Otterbacher does allege, inferentially, that Garner directed false information to the Associate Vice President regarding Otterbacher's absence from Northwestern's payroll. It is true that liability may attach if a supervisor acts solely for his or her own personal interest, and totally unrelated to or antagonistic to the interest of the employer, in order to effectuate a wrongful termination of a subordinate. See, e.g., Diamond, 811 F. Supp. at 1334; HPI Health Care Servs., Inc. v. Mt. Vernon Hosp., Inc., 131 Ill.2d 145, 137 Ill.Dec. 19, 25, 545 N.E.2d 672, 678 (1989). But Otterbacher's allegations do not demonstrate that the discharge was the result of false information. The complaint does not allege that the Associate Vice President was the actual decisionmaker in firing Otterbacher or that he relied upon false charges or false information presented by Garner. At best, Northwestern learned of the likely "wrongful" nature of Otterbacher's discontinuation of employment after his employment was terminated by Garner. Nothing in the complaint suggests that Garner misused her powers of office to cause Northwestern to end its relationship (contractual or otherwise) with Otterbacher other than by making the termination decision herself. Also, Otterbacher does not allege that the termination was a breach of his contract with Northwestern.
Furthermore, any contention that Northwestern would have taken steps to investigate the situation and analyze whether Garner's decision was appropriate is mere speculation and is not supported by factual allegations. Otterbacher does not allege Garner was required by contract to present her decision to Northwestern nor does he allege Northwestern had a duty to investigate into the termination decisions Garner makes. Last, Otterbacher concedes that he cannot state a claim against Northwestern for intentional interference with contractual relationship. Count III is therefore dismissed in its entirety.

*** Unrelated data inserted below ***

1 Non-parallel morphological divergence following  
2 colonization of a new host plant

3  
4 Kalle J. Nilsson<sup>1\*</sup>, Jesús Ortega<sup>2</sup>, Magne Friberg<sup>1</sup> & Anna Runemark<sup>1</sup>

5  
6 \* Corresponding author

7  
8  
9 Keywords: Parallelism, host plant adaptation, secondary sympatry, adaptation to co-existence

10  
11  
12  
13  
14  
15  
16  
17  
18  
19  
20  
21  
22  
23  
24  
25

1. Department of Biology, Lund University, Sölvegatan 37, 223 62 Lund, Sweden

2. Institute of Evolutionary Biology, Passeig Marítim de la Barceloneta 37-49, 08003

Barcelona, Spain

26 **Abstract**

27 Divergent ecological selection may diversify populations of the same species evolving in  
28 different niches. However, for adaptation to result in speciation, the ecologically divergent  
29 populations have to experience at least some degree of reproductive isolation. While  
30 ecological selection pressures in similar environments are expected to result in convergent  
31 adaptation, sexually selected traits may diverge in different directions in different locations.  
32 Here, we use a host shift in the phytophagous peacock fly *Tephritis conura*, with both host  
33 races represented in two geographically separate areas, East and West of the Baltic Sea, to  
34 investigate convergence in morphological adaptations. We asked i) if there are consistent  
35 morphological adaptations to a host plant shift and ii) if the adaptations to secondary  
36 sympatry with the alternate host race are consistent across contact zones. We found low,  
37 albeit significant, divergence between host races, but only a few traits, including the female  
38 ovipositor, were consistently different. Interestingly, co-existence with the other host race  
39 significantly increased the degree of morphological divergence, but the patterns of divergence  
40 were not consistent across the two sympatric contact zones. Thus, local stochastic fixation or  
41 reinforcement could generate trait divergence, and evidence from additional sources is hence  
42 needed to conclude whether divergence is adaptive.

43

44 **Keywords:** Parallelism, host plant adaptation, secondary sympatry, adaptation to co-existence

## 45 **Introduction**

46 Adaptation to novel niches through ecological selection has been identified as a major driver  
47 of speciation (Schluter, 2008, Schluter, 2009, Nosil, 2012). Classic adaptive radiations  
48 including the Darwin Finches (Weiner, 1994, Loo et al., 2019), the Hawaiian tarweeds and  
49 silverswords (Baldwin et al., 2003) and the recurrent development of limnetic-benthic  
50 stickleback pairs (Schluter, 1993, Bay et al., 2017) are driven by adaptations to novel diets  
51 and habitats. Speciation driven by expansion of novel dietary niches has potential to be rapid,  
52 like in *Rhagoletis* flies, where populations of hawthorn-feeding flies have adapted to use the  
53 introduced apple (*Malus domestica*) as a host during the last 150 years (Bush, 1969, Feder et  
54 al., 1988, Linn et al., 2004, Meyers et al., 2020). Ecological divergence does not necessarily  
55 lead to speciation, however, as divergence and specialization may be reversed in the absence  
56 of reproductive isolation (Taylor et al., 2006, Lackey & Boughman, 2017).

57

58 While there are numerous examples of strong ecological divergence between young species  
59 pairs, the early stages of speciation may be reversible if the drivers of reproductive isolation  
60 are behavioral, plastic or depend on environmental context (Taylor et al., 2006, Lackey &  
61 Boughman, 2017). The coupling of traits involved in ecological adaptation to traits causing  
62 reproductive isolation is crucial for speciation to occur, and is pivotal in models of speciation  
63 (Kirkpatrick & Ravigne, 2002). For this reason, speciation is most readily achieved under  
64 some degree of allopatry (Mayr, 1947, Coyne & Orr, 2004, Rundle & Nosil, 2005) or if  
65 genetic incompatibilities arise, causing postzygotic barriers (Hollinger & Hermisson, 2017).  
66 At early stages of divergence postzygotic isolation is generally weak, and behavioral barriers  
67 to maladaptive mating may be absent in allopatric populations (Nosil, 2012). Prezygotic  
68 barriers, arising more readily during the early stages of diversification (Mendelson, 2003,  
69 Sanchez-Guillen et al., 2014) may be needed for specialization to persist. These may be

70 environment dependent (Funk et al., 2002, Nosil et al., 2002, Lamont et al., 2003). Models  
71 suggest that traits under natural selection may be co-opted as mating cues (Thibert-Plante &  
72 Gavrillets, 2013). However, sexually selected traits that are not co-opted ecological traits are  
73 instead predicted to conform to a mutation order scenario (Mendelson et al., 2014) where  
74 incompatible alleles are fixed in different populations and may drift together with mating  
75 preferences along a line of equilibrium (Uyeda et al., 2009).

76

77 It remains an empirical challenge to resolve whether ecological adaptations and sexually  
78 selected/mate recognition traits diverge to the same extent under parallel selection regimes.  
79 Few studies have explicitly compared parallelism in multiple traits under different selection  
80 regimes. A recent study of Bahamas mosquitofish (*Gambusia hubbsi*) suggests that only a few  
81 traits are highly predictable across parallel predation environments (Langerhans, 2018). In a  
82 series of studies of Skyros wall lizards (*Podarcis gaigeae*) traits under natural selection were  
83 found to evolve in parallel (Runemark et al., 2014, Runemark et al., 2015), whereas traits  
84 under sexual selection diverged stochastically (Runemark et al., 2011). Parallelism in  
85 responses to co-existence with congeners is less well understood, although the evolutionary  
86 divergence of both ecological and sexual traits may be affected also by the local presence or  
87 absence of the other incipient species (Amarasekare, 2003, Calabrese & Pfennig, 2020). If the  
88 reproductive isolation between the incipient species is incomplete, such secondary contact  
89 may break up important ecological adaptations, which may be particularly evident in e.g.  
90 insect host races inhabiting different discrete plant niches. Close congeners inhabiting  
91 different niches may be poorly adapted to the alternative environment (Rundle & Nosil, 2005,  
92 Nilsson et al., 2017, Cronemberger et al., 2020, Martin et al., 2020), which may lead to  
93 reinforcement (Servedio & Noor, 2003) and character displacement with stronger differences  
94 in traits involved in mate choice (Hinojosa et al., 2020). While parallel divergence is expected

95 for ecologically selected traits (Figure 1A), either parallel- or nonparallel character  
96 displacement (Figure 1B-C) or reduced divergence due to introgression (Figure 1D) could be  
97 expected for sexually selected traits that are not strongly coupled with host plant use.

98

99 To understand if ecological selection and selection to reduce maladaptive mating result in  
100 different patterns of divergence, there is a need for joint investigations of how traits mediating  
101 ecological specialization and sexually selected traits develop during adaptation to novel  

III. Intentional Infliction of Emotional Distress.
To state a claim under Illinois law for intentional infliction of emotional distress, Otterbacher must plead that defendants engaged in extreme and outrageous conduct, either intending to inflict severe emotional distress or knowing that the conduct creates a strong probability of severe emotional distress, and thus caused Otterbacher to suffer severe emotional distress. McGrath v. Fahey, 126 Ill.2d 78, 127 Ill.Dec. 724, 727, 533 N.E.2d 806, 809 (1988). Because federal courts simply require "notice pleading," Leatherman v. Tarrant County Narcotics Intelligence Coordination Unit, ___ U.S. ___, ___, 113 S.Ct. 1160, 1163, 122 L.Ed.2d 517 (1993), this court construes pleadings liberally. See Powell Duffryn Terminals, Inc. v. CJR Processing, Inc., 808 F. Supp. 652, 654 n. 1, 655-56 (N.D.Ill. 1992). Thus, the mere vagueness or lack of detail of the allegations is not sufficient to justify a dismissal. Strauss v. City of Chicago, 760 F.2d 765, 767 (7th Cir. 1985). A party fails to state a claim upon which relief may be granted only if that party can prove no set of facts upon which to grant legal relief. Ross v. Creighton Univ., 957 F.2d 410, 413 (7th Cir. 1992).
Otterbacher alleges that Garner, intending to cause emotional distress, harassed Otterbacher and placed numerous phone calls to his residence which contained vulgar and threatening messages, including a threat to Otterbacher's life. These actions allegedly caused Otterbacher to suffer emotional distress and humiliation. The actions of Garner and the assertions made over the phone may have been outrageous to a reasonable person. Without knowing the specific actions taken or the content of the phone statements, the court is left with the possibility that the conduct was outrageous and on this basis will allow the allegations to stand until further discovery. Talley v. Leo J. Shapiro Assoc., Inc., 713 F. Supp. 254, 260 (N.D.Ill. 1989). Similarly, whether Otterbacher suffered severe emotional distress cannot be determined on the pleadings. The court cannot say that Otterbacher can prove no set of facts upon which to grant legal relief.